Back at the palace, the general unveils to the king his last plan, which is sure to work! (“Nuthin’ up my sleeve!”) They construct several cannons and when Pulgasari shows up, they open fire on him. The cannon balls bounce harmlessly off Pulgasari, until one hits him in the mouth. Aha! The general thinks, I’ve found a weak spot! Aim for the mouth! The next shot goes right in the kisser, and Pulgasari promptly spits it right back at them. Naturally, they keep aiming for the mouth. Pulgasari, trashes the palace and squishes the king who was hiding in some curtains. The peasants wipe out the rest of the army and then have a celebration.

The party’s short lived, as there seems to be something wrong with Pulgasari. I can only guess it’s because he wasn’t getting enough iron in his diet, as he seems slightly better after the peasants feed him a cannon. Distressed by all this, the lead goes and rings one of those long tubular bells, and then promptly hides inside of it. Pulgasari walks up to the bell, grabs it, crumples it like a beer can and eats it. Once inside of him, the lead says something, and Pulgasari promptly explodes. The film ends with a minature Pulgasari turning into a beam of light and entering the lead’s body.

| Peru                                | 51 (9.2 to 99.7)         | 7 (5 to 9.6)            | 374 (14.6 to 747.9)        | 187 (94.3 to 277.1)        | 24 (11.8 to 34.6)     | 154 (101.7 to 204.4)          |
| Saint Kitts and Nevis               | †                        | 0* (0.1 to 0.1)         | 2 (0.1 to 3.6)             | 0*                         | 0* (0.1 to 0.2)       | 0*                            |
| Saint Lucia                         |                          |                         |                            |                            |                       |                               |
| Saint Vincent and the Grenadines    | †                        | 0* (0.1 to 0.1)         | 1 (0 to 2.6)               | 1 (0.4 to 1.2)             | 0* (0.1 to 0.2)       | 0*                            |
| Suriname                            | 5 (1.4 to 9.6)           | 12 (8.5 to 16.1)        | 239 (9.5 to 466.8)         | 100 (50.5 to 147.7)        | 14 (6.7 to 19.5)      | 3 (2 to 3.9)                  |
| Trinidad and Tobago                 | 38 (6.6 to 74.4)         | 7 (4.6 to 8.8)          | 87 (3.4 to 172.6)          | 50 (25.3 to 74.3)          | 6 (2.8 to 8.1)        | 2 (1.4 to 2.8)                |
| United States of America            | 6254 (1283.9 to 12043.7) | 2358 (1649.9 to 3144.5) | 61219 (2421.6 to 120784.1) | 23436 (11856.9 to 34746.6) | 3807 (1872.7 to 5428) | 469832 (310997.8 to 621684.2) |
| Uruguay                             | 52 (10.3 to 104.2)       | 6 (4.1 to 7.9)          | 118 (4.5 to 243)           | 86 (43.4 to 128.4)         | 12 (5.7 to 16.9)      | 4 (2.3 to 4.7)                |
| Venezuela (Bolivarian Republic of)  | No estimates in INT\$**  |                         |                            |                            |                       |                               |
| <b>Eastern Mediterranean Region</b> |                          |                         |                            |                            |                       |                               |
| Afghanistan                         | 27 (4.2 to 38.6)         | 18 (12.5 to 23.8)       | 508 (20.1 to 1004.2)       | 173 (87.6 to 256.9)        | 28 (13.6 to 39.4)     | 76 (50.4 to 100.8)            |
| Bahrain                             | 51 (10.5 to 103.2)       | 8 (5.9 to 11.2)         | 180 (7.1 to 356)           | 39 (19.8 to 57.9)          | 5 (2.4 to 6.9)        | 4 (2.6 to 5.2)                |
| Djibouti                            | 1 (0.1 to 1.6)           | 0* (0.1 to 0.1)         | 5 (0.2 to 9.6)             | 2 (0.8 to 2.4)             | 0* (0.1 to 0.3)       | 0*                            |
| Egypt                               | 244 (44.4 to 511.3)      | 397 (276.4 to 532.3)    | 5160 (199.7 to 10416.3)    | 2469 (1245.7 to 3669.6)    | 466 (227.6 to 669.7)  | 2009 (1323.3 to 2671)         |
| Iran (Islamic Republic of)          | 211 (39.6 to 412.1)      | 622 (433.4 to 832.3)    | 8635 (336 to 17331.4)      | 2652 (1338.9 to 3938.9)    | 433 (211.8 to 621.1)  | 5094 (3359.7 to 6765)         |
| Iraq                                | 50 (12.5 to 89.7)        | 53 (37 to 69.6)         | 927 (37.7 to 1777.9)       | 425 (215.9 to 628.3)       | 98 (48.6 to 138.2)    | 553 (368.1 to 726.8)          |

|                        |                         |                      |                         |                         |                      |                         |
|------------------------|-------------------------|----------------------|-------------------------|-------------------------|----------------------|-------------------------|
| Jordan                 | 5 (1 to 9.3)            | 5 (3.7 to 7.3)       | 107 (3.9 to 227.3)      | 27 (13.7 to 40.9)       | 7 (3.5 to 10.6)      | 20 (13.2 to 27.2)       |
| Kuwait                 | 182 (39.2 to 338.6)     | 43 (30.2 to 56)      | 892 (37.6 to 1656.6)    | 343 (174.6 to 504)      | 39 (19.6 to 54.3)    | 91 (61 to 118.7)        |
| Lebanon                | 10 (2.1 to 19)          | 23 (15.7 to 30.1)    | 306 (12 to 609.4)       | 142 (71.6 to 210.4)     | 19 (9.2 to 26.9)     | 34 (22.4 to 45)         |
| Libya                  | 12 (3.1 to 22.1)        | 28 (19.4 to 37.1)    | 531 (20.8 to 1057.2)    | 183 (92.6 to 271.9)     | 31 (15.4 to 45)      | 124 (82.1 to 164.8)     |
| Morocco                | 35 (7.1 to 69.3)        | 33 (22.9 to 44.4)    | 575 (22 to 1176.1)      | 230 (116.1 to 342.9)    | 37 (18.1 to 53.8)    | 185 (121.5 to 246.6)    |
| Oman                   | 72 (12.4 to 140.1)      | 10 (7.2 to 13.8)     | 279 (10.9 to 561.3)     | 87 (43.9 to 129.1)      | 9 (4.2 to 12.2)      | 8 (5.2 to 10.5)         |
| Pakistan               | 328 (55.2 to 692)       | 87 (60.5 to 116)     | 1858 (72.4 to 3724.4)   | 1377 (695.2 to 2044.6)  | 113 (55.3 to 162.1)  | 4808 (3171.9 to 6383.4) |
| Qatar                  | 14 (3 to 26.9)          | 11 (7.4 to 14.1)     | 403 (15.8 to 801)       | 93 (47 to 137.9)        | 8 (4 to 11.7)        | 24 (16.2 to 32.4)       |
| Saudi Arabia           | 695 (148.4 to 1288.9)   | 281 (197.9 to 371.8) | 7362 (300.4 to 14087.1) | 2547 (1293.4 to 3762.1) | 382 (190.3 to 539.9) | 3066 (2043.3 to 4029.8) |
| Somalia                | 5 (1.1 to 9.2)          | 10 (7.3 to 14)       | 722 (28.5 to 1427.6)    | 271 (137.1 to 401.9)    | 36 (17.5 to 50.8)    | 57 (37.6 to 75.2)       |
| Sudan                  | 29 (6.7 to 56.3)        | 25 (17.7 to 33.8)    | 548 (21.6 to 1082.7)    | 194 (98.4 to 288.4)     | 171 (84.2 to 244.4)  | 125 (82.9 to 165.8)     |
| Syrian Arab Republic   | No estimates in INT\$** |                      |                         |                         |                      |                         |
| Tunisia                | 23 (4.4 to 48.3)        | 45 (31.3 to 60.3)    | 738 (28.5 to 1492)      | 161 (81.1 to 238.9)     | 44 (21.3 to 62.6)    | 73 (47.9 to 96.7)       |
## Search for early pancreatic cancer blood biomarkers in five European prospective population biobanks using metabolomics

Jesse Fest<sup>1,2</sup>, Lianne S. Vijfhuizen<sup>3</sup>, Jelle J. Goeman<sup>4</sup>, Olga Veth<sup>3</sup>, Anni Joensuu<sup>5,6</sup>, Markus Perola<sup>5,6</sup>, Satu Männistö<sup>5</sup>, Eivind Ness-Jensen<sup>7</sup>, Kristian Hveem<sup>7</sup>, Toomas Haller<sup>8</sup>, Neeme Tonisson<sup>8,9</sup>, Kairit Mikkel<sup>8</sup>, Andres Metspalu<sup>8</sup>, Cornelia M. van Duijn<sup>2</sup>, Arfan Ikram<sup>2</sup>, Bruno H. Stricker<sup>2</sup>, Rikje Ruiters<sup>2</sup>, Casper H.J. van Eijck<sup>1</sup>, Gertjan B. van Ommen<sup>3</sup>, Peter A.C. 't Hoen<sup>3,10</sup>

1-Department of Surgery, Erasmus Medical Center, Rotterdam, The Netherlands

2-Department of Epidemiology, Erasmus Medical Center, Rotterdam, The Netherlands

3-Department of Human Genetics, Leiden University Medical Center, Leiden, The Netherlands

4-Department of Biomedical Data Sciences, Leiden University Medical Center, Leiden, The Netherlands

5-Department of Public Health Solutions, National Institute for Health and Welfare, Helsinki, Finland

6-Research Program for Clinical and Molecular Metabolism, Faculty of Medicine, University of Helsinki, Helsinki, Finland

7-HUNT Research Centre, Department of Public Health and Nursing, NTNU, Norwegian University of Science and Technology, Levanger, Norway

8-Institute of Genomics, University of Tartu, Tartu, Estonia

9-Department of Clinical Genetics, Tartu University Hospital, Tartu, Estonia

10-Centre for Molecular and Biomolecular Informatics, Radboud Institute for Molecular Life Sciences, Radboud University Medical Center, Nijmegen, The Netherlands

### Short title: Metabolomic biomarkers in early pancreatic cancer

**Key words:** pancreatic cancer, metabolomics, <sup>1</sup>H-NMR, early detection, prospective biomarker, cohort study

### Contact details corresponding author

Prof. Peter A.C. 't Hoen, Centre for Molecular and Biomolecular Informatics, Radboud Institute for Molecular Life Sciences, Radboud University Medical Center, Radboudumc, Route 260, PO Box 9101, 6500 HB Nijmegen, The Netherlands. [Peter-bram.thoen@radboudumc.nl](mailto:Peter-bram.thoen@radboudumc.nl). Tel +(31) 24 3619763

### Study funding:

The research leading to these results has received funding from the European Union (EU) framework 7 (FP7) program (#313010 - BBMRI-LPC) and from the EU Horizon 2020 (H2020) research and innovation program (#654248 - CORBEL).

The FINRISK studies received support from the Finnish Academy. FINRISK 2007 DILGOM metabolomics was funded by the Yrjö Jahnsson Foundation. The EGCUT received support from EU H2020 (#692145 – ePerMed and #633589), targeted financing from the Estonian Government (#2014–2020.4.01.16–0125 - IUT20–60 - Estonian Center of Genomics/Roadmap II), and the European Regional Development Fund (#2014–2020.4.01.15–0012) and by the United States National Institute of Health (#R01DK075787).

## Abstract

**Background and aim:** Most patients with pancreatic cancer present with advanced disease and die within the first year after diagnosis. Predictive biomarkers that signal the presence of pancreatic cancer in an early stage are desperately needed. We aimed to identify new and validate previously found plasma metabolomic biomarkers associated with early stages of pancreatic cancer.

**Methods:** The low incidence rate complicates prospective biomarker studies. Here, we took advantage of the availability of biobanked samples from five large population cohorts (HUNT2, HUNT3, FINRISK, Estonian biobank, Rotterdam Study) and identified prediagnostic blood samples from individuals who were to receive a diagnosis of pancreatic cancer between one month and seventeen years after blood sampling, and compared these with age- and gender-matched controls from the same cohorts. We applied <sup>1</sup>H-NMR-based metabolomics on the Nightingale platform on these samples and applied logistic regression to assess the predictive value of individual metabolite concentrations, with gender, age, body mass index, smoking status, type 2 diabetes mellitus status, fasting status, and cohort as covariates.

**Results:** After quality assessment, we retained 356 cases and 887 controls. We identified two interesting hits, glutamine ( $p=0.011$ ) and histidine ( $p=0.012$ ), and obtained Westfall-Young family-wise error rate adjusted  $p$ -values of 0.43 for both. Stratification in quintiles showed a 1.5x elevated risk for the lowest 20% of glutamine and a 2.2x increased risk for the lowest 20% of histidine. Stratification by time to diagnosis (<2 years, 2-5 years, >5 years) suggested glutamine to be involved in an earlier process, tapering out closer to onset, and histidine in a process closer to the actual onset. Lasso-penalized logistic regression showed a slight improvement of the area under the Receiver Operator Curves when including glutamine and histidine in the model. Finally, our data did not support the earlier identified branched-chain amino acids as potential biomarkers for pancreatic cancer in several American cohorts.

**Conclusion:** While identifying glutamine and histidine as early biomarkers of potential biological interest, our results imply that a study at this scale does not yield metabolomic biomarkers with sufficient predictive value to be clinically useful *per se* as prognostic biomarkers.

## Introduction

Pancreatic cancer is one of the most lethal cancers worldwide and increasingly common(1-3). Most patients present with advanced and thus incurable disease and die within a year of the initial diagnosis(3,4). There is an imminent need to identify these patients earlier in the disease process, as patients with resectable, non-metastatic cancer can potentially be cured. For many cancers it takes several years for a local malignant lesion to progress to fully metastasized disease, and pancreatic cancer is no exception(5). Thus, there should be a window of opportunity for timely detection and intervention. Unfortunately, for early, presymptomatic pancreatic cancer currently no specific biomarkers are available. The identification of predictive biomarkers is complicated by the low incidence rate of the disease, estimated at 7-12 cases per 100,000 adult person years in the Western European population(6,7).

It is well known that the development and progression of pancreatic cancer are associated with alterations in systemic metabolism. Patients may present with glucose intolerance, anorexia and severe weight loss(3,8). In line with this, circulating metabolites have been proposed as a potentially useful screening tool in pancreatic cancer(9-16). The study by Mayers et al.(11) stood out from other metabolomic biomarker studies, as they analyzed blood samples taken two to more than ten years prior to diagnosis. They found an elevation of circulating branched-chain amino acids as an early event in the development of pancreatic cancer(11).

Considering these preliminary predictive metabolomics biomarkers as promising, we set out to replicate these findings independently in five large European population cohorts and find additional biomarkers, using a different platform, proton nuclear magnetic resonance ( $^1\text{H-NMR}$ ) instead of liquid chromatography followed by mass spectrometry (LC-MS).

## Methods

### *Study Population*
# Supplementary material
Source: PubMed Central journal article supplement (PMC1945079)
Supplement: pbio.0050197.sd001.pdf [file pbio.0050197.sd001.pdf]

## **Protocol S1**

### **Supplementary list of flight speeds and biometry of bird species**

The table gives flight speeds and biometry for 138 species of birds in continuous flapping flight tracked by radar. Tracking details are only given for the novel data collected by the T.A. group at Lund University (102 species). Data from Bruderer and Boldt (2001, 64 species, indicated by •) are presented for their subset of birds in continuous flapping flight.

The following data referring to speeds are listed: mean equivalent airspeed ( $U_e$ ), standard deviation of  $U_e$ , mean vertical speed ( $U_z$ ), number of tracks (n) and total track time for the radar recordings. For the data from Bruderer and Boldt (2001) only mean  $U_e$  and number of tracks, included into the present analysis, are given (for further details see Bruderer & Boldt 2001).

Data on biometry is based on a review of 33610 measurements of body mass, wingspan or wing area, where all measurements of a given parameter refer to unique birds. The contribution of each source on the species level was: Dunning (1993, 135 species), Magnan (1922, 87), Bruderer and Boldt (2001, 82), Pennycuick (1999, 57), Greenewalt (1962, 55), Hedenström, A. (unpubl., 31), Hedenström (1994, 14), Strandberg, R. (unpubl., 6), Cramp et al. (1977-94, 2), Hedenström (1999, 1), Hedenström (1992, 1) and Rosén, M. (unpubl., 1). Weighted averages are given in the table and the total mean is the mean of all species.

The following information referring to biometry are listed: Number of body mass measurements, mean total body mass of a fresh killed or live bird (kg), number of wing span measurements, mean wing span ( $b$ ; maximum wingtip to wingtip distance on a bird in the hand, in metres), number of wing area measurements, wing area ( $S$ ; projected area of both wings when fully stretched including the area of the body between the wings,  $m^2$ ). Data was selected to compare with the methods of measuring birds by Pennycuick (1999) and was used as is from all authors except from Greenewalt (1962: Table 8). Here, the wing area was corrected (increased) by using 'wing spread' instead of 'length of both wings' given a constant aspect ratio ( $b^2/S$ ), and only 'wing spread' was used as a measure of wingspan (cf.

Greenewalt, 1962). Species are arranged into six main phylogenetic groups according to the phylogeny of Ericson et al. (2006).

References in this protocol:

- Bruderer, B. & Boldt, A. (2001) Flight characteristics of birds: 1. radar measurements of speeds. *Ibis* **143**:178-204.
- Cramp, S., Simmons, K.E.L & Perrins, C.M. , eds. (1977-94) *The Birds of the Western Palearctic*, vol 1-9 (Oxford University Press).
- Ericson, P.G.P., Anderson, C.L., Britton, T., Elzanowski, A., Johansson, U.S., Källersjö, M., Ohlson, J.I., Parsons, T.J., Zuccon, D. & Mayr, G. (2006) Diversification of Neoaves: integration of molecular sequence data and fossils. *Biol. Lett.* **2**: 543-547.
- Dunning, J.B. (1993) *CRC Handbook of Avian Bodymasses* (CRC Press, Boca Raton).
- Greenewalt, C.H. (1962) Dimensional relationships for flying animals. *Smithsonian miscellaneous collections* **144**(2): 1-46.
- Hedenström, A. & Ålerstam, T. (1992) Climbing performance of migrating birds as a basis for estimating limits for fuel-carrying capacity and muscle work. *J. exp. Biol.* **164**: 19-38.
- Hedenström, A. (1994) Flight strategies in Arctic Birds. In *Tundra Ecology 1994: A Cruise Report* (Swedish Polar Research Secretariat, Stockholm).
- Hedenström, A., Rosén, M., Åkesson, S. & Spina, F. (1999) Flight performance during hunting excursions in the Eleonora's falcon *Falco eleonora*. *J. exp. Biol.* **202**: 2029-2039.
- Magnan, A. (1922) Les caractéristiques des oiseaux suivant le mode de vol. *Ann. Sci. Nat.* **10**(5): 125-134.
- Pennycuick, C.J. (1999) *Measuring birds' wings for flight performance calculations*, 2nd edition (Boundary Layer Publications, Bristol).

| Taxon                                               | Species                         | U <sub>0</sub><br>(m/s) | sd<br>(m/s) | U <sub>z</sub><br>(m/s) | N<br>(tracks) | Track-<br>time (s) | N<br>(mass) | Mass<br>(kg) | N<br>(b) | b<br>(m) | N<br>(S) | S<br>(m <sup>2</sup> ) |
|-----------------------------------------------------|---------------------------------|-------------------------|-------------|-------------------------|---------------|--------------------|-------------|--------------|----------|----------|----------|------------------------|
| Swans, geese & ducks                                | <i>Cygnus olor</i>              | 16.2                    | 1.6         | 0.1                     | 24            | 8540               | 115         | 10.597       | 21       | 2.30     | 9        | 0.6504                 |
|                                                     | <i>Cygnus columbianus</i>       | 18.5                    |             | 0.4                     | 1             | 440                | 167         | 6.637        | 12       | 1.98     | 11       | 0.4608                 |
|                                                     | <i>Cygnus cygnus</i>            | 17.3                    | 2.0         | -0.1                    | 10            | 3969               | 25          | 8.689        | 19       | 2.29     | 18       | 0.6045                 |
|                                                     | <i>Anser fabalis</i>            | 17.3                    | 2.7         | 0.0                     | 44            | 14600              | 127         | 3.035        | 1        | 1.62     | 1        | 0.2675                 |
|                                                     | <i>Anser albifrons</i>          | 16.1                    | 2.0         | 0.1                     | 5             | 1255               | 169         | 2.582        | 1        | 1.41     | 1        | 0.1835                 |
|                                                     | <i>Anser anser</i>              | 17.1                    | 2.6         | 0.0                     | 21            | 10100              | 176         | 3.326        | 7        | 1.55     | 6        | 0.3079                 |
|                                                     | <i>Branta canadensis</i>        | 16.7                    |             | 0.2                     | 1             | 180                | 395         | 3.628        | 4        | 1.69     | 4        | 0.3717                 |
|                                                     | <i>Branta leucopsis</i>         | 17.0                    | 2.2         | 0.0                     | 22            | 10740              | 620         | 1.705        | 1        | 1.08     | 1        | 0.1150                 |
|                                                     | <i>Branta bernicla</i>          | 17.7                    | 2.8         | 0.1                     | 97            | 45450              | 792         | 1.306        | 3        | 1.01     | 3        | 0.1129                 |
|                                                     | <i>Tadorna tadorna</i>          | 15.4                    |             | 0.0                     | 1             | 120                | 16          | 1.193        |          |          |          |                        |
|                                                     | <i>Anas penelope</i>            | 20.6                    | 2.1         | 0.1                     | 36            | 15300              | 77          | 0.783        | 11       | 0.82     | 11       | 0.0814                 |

The beginning of the film is kind of weak, but it gets better as it goes along. I originally thought that I’d be MST3King the film, but I actually liked it.

And the South Korean director? Did he get to go home?

Apparently, being kidnapped and forced to direct by a crazed dictator can be inspirational. I wonder if - - - but no, that would be an Evil Thing to wish for.

He and his wife (who was also kidnapped) eventually escaped to the West, lived in the US for a while, and ultimately returned to South Korea.

Read all about it here.

Well, you know, a friend and I have thought that the easiest way to calm the shit down with NK and the rest of the world is to get on the horn and make Lucas and Spielberg give the guy a job making movies. :smiley:

[np] Kim Il Sung (Kim Jong Il is his son). [/np] Carry on.

It was Jong who had the director kidnapped. Apparently, Jong filled his days before he became ruler of NK watching movies (he had something like 15K in his collection) and ordering propaganda films made.